461 more Kepler exoplanets found, analysis expects 17 billion Earth-sized planets
Kepler mission scientists announced Monday that a new batch of analysis yielded 461 more exoplanet candidates - and that is from within a relatively small cross-section of our galaxy, bringing the total number of potential planets awaiting confirmation to 2,740. Of the several dozen Earth-sized planets, the smallest of 5 categories, 4 were found to be located within their stars' habitable zone, which is defined as an orbit where surface water can exist as a liquid.
Candidates require additional follow-up observations and analyses to be confirmed as planets. At the beginning of 2012, 33 candidates in the Kepler data had been confirmed as planets. Today, there are 105.
Very solid results for the just 4 year old planet-searching Kepler telescope, which identifies planet candidates by repeatedly measuring the change in brightness of more than 150,000 stars in search of planets that pass in front, or "transit," their host star. At least three transits are required to verify a signal as a potential planet.
Since the last official announcement of Kepler candidates in Feb. 2012 the number of smaller Earth- and super-Earth-sized worlds observed has risen considerably, as well as the identification of multi-planet systems that are organized more-or-less along a flat plane... just like ours.
"The large number of multi-candidate systems being found by Kepler implies that a substantial fraction of exoplanets reside in flat multi-planet systems," said Jack Lissauer, planetary scientist at NASA's Ames Research Center in Moffett Field, Calif. "This is consistent with what we know about our own planetary neighborhood."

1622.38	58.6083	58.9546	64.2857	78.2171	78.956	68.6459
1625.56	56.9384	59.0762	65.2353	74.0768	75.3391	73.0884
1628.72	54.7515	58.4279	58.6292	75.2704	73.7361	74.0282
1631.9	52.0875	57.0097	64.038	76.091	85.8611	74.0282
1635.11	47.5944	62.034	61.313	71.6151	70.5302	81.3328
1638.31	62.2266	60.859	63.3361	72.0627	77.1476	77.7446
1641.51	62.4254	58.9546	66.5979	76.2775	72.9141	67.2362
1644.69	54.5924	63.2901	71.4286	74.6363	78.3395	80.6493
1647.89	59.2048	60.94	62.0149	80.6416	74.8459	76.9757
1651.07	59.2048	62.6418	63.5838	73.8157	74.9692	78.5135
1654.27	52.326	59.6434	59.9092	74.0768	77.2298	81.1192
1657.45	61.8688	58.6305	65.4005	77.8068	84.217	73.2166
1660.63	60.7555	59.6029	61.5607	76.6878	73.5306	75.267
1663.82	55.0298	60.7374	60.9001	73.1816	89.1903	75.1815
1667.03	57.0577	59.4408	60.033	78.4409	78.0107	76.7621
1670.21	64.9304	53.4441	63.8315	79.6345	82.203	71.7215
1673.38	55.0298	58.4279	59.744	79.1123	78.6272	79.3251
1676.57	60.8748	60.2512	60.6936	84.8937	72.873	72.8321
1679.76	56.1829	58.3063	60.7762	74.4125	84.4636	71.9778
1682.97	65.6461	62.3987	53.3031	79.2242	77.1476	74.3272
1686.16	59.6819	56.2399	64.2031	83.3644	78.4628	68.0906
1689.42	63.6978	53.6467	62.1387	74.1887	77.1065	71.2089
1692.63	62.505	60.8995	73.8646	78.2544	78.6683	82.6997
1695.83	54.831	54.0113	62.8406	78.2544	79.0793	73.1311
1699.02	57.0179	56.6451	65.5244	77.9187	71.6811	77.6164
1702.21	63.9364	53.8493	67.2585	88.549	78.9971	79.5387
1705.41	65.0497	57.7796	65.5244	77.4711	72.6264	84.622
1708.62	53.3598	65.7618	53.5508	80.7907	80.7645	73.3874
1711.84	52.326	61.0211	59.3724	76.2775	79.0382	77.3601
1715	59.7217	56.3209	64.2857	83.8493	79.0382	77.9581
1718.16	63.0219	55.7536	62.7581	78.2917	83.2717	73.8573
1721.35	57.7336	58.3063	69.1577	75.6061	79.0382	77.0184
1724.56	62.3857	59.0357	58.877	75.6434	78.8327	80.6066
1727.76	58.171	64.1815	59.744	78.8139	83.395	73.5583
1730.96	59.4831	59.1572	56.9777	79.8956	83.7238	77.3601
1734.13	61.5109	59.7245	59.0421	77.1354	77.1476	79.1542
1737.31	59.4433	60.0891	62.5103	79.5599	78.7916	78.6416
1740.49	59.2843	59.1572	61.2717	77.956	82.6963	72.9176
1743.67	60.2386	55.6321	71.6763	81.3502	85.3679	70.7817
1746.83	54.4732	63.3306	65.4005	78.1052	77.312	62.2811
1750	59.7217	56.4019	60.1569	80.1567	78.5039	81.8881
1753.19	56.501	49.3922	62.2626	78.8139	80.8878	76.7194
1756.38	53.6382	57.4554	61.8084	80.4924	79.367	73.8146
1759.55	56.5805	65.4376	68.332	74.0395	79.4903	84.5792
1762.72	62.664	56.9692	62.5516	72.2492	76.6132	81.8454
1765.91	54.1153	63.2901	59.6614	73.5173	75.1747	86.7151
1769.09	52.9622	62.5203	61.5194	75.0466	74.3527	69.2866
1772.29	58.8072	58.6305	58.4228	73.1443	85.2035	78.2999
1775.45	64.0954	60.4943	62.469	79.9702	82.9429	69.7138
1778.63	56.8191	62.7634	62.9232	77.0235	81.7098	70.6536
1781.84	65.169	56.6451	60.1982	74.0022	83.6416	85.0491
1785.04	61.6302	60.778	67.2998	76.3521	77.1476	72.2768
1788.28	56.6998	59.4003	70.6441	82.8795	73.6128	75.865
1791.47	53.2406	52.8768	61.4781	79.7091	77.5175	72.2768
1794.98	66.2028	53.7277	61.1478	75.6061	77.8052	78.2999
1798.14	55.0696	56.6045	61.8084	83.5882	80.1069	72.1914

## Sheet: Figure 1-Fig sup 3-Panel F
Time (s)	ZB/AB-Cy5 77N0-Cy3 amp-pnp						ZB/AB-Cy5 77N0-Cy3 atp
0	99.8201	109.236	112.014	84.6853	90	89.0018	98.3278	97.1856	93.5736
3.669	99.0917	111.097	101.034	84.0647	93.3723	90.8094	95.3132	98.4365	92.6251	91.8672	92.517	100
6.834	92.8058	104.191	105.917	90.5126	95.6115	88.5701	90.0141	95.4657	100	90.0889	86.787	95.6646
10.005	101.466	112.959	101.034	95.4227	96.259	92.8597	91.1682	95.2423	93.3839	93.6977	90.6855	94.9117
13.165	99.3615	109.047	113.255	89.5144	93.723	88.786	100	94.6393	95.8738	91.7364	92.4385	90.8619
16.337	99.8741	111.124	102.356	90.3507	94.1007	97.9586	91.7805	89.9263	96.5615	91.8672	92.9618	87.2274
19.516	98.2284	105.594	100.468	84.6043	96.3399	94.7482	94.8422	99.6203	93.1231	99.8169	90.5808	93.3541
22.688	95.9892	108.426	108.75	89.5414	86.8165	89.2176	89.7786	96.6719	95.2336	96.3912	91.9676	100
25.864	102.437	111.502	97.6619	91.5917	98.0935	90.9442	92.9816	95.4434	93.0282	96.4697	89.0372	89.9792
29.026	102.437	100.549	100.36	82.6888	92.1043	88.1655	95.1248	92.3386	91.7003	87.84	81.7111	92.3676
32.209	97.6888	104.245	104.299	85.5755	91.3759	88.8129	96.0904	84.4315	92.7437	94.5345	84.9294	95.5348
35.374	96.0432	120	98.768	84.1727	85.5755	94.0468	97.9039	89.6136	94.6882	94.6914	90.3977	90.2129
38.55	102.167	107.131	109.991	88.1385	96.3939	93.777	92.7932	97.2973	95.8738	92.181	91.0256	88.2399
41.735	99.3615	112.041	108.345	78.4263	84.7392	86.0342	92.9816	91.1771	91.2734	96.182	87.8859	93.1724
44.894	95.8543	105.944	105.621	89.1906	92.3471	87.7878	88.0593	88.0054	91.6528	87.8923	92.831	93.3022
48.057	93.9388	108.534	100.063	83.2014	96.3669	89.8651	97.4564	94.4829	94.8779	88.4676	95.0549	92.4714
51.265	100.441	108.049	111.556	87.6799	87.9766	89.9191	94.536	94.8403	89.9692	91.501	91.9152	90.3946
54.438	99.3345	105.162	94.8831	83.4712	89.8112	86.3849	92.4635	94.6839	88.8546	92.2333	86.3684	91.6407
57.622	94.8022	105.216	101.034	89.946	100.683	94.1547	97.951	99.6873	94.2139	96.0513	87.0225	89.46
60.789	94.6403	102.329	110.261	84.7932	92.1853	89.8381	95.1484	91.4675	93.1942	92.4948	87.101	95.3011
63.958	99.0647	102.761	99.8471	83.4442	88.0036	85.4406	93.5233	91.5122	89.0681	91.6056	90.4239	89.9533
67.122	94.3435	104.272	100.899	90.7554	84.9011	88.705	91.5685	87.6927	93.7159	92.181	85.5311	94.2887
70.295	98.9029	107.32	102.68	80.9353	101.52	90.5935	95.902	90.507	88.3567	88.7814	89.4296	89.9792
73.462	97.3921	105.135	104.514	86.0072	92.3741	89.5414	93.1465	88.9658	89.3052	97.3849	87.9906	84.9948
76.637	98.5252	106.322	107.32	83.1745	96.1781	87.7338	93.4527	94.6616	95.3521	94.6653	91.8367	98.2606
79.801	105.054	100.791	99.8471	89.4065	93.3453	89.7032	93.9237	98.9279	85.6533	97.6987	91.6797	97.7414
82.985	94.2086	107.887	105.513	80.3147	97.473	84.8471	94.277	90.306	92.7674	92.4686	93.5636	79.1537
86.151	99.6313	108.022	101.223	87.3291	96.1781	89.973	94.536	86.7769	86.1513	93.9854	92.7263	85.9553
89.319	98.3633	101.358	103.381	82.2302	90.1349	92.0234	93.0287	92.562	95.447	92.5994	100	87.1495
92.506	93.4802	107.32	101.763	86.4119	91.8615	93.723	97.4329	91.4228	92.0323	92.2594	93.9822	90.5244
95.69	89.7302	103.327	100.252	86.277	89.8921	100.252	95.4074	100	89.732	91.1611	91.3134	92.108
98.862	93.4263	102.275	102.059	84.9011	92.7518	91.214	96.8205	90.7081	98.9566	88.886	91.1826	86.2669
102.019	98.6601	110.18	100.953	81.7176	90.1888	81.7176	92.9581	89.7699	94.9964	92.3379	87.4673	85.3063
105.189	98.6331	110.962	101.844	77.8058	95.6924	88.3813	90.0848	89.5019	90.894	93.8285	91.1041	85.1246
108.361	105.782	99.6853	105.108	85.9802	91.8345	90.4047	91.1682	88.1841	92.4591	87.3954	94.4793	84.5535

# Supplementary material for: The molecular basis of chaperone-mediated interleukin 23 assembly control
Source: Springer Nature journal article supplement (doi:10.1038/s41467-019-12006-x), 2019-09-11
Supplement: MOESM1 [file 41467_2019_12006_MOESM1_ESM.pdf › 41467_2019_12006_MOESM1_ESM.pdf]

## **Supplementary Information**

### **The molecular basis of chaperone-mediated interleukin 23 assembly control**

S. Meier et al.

At the same day of the new Kepler exoplanet candidate announcement, a separate analysis of the Kepler catalogue which extrapolates the data based on probabilities, extending it to all 100 billion stars in our Milky Way galaxy, was presented. The study calculates that about 17 percent of stars have an Earth-sized planet in an orbit closer than Mercury, which would equal the stunning number of at least 17 billion Earth-sized worlds in our galaxy alone.
Francois Fressin, of the Harvard-Smithsonian Center for Astrophysics (CfA), presented the analysis today in a press conference at a meeting of the American Astronomical Society in Long Beach, Calif. A paper detailing the research has been accepted for publication in The Astrophysical Journal.
The researchers also asked whether certain sizes of planets are more or less common around certain types of stars. They found that for every planet size except gas giants, the type of star doesn't matter. Neptunes are found just as frequently around red dwarfs as they are around sun-like stars. The same is true for smaller worlds. This contradicts previous findings.
"Earths and super-Earths aren't picky. We're finding them in all kinds of neighborhoods," says co-author Guillermo Torres of the CfA.